Over the past 50 years, vaccine technology has provided children and adults with protection from epidemics that kill or permanently injure. Rubella, although not usually fatal if contracted during childhood, can severely injure or kill a preborn child during the first trimester of the pregnancy. Children born with Congenital Rubella Syndrome may be blind, deaf, mentally retarded, or have heart defects.
Vaccine Production: During the 1964 Rubella epidemic, many women were advised to abort babies if the moths contract Rubella during pregnancy. The Rubella virus strain, RA 27/3, was obtained from an infected aborted fetus. (3) Since the 60's, this virus strain has been used as the chief component of the Rubella vaccine. To make this vaccine, the Rubella virus is cultivated in a weakened or "attenuated" state, so as to not cause the disease but to stimulate an immune response in the recipient and prevent subsequent Rubella infections.
The production of the Rubella virus requires the culture of human cells, referred to as a cell line. As the human cells grow in a specific nutrient-rich solution (AKA culture medium), the virus grows within the cells and is later released into the culture medium.. The virus is purified from the medium for subsequent use as a vaccine. The human cell lines used in Rubella vaccine manufacture were obtained in the 60's from aborted fetuses. Human cell line WI-38 was obtained from the lung of an aborted 3 month old female fetus.(4) Another cell line used is MRC-5 obtained from the lung of a 14-week old male aborted fetus in 1966 (5) Most other vaccines produced do not require human cell lines. Only viral vaccines require cells within which the virus will reproduce. Many viral vaccines (e.g. Polio, Mumps) can use chicken embryos or monkey kidney cell lines. Bacterial vaccines (e.g. Diphtheria, Tetanus) require the cultivation of the bacteria in a culture medium only.
Moral Issues: Various moral dilemmas arise from this issue. A position adopted by the bioethics committee of the British Catholic Bishops' conference stated that there is considerable separation between the abortion act and the current production of the vaccine.(6) Since the tissue was removed after the aborted fetus was clinically dead, individuals involved in the vaccine production were not involved in the abortion. As long as there is no support for abortion, then it would be morally acceptable for individuals to use the vaccine. The British Catholic Media Office stated that Catholic teaching would oppose the development of new vaccines, therapies, and studies from aborted fetal tissue. Catholic teaching is clear that we may never do harm so that good may come of it. Unfortunately many would be tempted to justify or reduce the evil of abortion with the reasoning that aborted tissue saves lives. This reasoning could be used to make palatable future abortions used for harvesting fetal tissue for research or medical products.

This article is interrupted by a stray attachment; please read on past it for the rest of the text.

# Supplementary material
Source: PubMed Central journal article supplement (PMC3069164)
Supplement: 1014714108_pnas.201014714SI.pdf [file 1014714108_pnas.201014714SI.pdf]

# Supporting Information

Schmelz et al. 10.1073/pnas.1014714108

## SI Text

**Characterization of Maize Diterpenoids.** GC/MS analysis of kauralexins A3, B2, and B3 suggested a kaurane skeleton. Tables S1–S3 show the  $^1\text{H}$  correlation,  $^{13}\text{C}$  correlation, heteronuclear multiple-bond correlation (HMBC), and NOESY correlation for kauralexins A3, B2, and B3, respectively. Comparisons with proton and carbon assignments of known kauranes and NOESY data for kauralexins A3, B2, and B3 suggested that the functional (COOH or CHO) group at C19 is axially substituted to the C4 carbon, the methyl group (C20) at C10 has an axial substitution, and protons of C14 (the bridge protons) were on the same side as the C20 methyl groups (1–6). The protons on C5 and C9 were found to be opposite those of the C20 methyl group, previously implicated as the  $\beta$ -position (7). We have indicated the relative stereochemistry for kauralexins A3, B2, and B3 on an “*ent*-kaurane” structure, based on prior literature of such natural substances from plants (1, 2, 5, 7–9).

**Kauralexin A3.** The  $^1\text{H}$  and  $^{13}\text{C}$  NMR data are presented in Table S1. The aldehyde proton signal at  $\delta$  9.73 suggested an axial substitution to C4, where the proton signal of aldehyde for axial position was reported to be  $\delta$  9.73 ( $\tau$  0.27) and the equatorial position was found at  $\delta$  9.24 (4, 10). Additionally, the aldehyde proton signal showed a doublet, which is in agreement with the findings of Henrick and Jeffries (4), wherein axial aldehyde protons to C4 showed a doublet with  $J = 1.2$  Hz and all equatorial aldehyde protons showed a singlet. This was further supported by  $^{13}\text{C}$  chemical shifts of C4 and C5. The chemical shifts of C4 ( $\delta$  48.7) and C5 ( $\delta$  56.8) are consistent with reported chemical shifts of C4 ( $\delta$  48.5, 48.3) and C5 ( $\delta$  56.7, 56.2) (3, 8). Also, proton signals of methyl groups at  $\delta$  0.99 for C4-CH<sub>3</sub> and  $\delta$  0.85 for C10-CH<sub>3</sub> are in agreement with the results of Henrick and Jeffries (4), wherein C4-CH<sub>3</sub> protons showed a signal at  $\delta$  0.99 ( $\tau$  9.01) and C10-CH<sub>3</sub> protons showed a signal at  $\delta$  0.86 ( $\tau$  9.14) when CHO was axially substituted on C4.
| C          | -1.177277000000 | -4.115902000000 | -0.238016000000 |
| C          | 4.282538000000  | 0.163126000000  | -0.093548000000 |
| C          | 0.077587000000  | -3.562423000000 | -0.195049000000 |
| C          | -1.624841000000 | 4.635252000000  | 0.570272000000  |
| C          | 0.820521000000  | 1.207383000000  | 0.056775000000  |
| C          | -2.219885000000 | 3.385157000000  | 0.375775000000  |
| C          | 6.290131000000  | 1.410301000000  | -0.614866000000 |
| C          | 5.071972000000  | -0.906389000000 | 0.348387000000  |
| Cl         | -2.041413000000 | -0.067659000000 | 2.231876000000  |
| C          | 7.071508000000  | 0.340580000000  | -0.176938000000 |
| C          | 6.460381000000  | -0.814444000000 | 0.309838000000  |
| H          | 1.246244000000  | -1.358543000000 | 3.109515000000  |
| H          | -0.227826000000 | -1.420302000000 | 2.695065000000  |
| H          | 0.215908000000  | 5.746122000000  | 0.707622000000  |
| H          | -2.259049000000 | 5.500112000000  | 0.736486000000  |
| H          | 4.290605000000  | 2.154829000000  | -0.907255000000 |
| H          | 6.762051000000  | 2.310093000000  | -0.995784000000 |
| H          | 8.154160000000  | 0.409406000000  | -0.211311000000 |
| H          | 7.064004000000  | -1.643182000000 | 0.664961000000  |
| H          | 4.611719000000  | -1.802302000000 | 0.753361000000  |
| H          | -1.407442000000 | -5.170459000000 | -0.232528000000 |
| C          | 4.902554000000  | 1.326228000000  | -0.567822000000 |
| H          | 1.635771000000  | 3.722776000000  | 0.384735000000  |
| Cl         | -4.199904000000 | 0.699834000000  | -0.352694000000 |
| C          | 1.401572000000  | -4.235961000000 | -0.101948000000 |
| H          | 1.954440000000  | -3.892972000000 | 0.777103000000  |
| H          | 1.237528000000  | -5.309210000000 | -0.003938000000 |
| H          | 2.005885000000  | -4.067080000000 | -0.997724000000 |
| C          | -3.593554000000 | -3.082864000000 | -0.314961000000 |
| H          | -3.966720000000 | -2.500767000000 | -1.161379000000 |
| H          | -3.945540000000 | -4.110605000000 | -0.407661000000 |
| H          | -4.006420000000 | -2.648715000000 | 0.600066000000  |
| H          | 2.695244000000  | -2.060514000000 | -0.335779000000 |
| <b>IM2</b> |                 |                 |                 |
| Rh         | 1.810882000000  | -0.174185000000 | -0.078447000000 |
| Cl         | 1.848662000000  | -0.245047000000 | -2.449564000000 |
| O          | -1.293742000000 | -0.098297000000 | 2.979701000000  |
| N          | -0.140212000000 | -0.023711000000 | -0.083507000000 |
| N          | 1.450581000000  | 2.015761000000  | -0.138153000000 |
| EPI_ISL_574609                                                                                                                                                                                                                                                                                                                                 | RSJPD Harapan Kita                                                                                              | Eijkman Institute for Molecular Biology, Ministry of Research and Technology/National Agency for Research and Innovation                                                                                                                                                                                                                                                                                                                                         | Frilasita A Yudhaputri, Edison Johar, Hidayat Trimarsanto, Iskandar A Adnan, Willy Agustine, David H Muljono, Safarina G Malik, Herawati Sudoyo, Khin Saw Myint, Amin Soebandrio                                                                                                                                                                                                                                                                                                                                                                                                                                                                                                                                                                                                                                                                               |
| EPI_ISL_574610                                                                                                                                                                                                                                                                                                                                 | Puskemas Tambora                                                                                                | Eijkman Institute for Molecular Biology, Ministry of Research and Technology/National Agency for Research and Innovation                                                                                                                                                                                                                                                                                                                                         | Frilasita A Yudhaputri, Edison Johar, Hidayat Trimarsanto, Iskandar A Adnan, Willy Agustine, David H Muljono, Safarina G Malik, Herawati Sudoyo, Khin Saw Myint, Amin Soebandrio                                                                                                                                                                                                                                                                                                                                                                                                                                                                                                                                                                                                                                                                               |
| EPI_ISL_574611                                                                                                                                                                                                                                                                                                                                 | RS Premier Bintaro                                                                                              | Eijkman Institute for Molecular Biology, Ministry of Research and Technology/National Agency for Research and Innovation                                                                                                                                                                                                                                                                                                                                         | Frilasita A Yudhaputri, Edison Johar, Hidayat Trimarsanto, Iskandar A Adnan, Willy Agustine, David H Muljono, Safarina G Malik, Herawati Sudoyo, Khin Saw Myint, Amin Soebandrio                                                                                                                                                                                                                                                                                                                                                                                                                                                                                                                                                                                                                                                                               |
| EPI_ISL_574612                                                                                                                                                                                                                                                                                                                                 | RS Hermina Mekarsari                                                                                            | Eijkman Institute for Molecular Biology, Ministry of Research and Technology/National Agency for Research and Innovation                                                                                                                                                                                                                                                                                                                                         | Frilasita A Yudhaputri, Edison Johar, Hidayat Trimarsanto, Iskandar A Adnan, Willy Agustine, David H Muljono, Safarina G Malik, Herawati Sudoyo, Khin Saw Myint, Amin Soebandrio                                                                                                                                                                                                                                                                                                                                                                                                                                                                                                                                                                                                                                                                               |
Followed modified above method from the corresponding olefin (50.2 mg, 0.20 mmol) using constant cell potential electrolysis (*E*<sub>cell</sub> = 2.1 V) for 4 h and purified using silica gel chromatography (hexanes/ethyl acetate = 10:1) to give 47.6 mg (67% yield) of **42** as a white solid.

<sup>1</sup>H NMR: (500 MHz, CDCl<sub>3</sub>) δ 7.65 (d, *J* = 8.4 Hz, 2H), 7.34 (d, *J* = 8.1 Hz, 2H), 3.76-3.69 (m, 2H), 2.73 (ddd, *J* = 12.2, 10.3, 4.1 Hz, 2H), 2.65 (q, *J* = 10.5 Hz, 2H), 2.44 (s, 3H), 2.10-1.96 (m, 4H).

This issue is further complicated in light of the fact that tissue from "spontaneous abortions" is useless for cell culture for vaccine manufacture. This is because the cause of the spontaneous abortion (e.g. viral or bacterial infection, chromosome defect, etc.) would render the tissue useless for the strict standards of vaccine manufacture. Also, the present stocks of cell lines will eventually be depleted in the future. Yet if the population is not maintaining a certain level of vaccinations, the return of viral epidemics may become a reality. Future vaccine manufacturing needs may require development and testing of new cell lines. Eventually, we may see cell biologists return to experiment on aborted fetuses to obtain them.